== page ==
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Autobiography of Alice A. Bailey - Chapter V
Personally, I would like to see every boy and girl at the age of adolescence taken to an understanding physician and told the bald facts. I would like to have engendered in the younger generation a respect for their function as the coming parents for the next generation and I would like to have the mother and father of today (and here I am generalizing) leave the young people more free to work out their own problems. My experience has been that they can be trusted when they know. The average boy and girl are not naturally degenerate and are not going to take risks when they know the risks exist. I would like to have the sex problem approached by the physician as he talks to the boys and [203] girls as they are brought to him from the angle of parenthood, from the point of view of the dangers of promiscuity plus a warning as to homosexuality, which is one of the greatest menaces confronting the boys and girls today. Given the facts and given a clear picture, as a general rule we can trust our young people but, candidly, I do not trust the parents largely because they are full of fear and do not trust their children.

All this is in the nature of a preliminary canter because during the next few years I naturally had to face the boy and girl problem. I have three most attractive daughters and the boys began to gather around so that it was not only people, people, people all the time in my office but it was boy, boy, boy all the time in my home and it was there I learned to understand and like both groups. I respect, like and trust the younger generation.

About this time we moved from Ridgefield Park to Stamford, Conn. A friend of ours, Mr. Graham Phelps-Stokes, had a vacant house on Long Island Sound and he let us have it rent free for several years. It was a much larger and nicer house than the one in Ridgefield Park and personally I loved it. I shall always remember the mornings there. Upstairs there was a wing of the house which consisted of one large room over the maid's quarters downstairs. There were windows on three sides of this room and there I lived and worked. Craigie was with us and although there was an awful lot of housework to be done the girls were getting older and were much more helpful in the house. Foster and I used to commute to New York most days of the week as Craigie was there to look after the girls. They were all in their 'teens and extraordinarily good looking and we found it quite impossible to put them into a public school. The population of Stamford at that time was largely foreign and three beautiful blond girls were [204] almost irresistible to the Italian boy so they were followed everywhere. I laid the problem before a rich friend of mine and she paid for their tuition in the Low Hayward School. This was a very high class girls' private school, and they attended there every day until we left Stamford.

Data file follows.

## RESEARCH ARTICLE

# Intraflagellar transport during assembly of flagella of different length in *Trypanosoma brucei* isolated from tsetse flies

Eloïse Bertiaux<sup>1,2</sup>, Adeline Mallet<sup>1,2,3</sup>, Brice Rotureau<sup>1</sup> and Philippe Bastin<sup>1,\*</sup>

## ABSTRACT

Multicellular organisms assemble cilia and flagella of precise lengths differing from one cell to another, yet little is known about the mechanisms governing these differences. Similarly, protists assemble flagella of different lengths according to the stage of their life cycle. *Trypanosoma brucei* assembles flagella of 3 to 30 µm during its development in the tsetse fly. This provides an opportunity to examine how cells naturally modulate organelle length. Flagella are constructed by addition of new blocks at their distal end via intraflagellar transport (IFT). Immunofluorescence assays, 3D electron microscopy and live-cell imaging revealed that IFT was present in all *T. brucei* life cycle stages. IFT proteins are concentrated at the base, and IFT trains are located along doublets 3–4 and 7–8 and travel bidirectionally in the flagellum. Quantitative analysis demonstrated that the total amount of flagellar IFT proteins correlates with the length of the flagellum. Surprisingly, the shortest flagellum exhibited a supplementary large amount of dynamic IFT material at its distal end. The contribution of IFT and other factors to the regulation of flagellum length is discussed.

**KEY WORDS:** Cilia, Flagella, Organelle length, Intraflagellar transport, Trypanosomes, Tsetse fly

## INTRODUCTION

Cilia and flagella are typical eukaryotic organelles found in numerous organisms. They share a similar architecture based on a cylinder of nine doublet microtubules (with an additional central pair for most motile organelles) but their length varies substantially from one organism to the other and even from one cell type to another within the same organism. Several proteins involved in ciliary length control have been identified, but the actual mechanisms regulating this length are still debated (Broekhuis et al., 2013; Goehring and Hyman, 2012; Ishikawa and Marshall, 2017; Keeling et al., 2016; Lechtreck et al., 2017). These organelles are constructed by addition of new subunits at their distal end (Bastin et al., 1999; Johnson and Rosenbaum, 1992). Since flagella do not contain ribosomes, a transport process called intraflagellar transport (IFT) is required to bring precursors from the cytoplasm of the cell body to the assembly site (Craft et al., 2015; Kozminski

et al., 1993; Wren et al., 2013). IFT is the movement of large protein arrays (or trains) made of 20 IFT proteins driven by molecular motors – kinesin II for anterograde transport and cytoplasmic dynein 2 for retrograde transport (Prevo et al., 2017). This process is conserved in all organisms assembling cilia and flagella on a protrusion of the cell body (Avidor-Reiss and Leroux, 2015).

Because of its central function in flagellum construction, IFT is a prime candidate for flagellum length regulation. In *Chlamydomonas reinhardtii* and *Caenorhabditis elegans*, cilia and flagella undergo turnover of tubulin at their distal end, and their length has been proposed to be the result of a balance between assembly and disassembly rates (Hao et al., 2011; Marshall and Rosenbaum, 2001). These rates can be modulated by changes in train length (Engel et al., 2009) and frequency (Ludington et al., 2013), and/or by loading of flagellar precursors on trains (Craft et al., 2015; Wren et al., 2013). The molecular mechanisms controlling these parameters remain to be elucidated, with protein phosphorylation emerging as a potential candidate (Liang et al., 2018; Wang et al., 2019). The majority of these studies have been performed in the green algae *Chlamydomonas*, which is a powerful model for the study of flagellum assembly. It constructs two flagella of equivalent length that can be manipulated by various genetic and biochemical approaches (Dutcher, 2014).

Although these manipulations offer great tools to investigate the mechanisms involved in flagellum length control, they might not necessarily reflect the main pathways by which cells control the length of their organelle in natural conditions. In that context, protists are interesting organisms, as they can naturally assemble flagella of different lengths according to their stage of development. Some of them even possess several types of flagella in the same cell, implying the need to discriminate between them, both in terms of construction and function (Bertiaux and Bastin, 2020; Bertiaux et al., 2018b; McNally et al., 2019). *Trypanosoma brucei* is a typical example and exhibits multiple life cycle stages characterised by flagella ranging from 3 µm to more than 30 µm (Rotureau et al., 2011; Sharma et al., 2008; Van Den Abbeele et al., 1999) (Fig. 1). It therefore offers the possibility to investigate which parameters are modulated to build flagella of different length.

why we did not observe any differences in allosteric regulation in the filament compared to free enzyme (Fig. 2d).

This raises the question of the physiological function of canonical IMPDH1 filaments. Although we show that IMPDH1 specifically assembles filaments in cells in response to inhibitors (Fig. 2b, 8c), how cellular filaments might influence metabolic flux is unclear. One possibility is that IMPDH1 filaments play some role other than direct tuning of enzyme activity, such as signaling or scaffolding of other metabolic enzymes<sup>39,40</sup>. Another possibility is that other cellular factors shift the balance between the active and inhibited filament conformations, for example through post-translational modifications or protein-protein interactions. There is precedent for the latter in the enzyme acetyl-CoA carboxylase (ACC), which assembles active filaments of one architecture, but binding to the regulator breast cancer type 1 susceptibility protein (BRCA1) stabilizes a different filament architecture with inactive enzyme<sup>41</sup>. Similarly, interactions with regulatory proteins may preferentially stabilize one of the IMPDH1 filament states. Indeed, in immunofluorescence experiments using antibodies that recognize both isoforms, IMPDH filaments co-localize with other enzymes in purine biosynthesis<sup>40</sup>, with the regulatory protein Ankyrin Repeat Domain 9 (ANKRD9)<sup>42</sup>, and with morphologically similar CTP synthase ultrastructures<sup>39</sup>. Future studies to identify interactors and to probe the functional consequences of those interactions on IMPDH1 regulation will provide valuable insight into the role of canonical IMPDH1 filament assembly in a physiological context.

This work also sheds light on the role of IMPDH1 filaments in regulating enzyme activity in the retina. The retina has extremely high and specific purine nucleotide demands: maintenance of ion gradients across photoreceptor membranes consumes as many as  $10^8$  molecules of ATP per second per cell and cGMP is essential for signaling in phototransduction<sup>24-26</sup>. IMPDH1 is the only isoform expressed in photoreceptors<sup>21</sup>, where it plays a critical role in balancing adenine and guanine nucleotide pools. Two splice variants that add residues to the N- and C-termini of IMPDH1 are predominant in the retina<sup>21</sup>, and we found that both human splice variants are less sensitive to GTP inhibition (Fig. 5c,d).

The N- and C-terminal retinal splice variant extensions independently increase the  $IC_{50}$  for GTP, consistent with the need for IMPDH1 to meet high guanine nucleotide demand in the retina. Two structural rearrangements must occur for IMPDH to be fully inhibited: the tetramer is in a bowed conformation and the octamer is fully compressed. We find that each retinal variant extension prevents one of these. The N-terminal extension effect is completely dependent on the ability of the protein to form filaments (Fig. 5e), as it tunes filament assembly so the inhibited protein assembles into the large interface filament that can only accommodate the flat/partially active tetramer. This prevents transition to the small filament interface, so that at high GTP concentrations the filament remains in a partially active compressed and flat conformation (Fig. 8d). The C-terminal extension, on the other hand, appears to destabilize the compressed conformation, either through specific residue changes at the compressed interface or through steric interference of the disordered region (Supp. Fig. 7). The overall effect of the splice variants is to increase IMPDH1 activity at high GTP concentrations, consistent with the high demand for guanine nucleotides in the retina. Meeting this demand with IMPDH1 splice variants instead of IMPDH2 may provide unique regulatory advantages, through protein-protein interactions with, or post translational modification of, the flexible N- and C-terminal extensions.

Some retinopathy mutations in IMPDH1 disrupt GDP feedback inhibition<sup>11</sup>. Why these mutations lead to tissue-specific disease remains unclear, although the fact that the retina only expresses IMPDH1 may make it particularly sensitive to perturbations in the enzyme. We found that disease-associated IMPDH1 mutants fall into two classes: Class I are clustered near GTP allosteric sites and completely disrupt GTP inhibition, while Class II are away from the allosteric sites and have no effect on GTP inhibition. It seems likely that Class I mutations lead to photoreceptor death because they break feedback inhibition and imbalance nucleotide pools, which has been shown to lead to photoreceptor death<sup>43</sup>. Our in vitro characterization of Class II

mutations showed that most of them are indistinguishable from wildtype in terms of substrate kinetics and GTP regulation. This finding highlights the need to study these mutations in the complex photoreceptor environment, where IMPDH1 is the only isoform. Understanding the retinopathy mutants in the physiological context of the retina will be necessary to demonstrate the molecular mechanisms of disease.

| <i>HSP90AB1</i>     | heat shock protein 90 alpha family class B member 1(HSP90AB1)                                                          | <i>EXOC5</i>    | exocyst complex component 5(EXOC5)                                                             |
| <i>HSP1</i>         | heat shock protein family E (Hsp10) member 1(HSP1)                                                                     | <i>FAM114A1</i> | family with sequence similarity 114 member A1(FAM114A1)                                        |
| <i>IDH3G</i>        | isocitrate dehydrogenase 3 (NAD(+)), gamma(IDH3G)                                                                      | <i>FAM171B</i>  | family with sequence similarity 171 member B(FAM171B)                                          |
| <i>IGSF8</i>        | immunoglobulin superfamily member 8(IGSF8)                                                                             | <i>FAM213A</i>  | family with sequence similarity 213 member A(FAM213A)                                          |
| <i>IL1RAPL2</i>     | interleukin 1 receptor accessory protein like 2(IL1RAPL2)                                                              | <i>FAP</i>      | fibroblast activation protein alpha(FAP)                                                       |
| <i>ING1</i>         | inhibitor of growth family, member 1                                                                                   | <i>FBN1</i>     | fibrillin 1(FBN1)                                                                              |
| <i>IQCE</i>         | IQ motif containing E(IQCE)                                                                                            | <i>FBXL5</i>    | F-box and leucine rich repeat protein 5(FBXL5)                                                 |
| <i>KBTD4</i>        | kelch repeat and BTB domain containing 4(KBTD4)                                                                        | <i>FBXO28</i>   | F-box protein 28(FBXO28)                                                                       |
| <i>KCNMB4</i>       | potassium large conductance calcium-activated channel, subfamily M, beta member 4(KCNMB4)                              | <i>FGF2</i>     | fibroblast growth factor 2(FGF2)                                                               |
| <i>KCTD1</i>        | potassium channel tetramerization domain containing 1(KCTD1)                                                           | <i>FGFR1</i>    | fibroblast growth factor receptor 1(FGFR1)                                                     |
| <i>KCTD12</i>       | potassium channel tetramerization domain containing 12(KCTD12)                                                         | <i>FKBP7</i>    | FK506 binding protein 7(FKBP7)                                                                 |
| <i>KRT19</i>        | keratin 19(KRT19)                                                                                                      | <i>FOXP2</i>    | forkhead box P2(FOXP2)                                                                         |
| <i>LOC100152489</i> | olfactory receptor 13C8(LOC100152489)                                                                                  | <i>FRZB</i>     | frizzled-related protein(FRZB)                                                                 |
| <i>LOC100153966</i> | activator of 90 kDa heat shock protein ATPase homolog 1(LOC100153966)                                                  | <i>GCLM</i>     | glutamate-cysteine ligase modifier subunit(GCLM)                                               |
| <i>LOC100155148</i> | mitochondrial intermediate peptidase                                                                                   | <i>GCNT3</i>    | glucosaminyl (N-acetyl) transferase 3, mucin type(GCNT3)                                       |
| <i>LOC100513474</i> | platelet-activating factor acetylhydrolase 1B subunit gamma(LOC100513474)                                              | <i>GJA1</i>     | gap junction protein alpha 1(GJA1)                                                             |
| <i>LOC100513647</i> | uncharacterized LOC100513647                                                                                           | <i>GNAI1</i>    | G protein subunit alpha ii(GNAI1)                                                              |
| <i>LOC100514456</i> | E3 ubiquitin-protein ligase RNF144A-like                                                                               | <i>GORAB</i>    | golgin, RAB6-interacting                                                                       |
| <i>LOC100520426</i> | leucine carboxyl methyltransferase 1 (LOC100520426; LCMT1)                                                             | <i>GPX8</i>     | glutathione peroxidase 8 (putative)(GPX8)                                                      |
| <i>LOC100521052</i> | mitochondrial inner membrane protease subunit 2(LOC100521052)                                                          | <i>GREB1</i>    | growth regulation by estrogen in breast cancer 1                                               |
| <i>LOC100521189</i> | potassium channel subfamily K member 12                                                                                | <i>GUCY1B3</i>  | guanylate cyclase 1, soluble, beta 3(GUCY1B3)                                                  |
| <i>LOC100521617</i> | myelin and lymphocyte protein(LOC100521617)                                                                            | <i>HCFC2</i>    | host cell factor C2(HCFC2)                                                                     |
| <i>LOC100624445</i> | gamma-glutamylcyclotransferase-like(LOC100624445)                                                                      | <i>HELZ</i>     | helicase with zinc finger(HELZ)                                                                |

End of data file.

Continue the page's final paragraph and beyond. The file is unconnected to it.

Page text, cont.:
I cannot remember all the different boys that gathered around. Two of them are still our friends and visit us at times though they are both married and have their families. They drop in now at intervals and somehow there is always that happy, deeply rooted situation which eliminates all strain and enables us to pick up the threads of a close friendship no matter how long it has been since we last saw them. The others I forget. They came and they went. An outstanding recollection is sitting up nights in my room with three sides of glass, watching for the lights of the car that would indicate that a boy was returning a girl to her home. This used to annoy my daughters extremely but I have always felt that the psychology was good. Mother was always aware where her girls were, who they were with and when they got home and I have never regretted my stubbornness on this point. But I often regretted my lost hours of sleep. The three girls never gave me any real anxiety and never gave me any cause to distrust them, but I like to take this opportunity, now they are all married and living their own lives, to say how nice they were, how sound, how sensible and how downright decent.

So the years slipped away. From 1925 to 1930 were years of adjustments, of difficulties, of joys and of growth. There is little to relate. They were just ordinary years - years of work, establishing and stabilizing the Arcane School, of publishing the Tibetan's books and of gathering around us a group of men and women who were not only our staunch friends, working with us from then to now, but were also loyally dedicated to the service of humanity. [205]

We seldom went away in the summer as this house was on the Sound and had its own beach and the girls had all the swimming and clamming they needed. I'm really a great hand at clam chowder. Thanks to the kindness of a friend, we had a car and could drive to New York or anywhere we chose. Every Sunday, practically, we were at home to friends and guests and frequently had 20 or 30 people at the house. We mixed them all up higgledy-piggledy, young and old, people of good social position or of no position, and I believe a good time was had by all. We served cake and punch, tea and coffee, and no matter who they were everybody had to "muck in" and wash dishes and tidy up the sitting room when the day was over.

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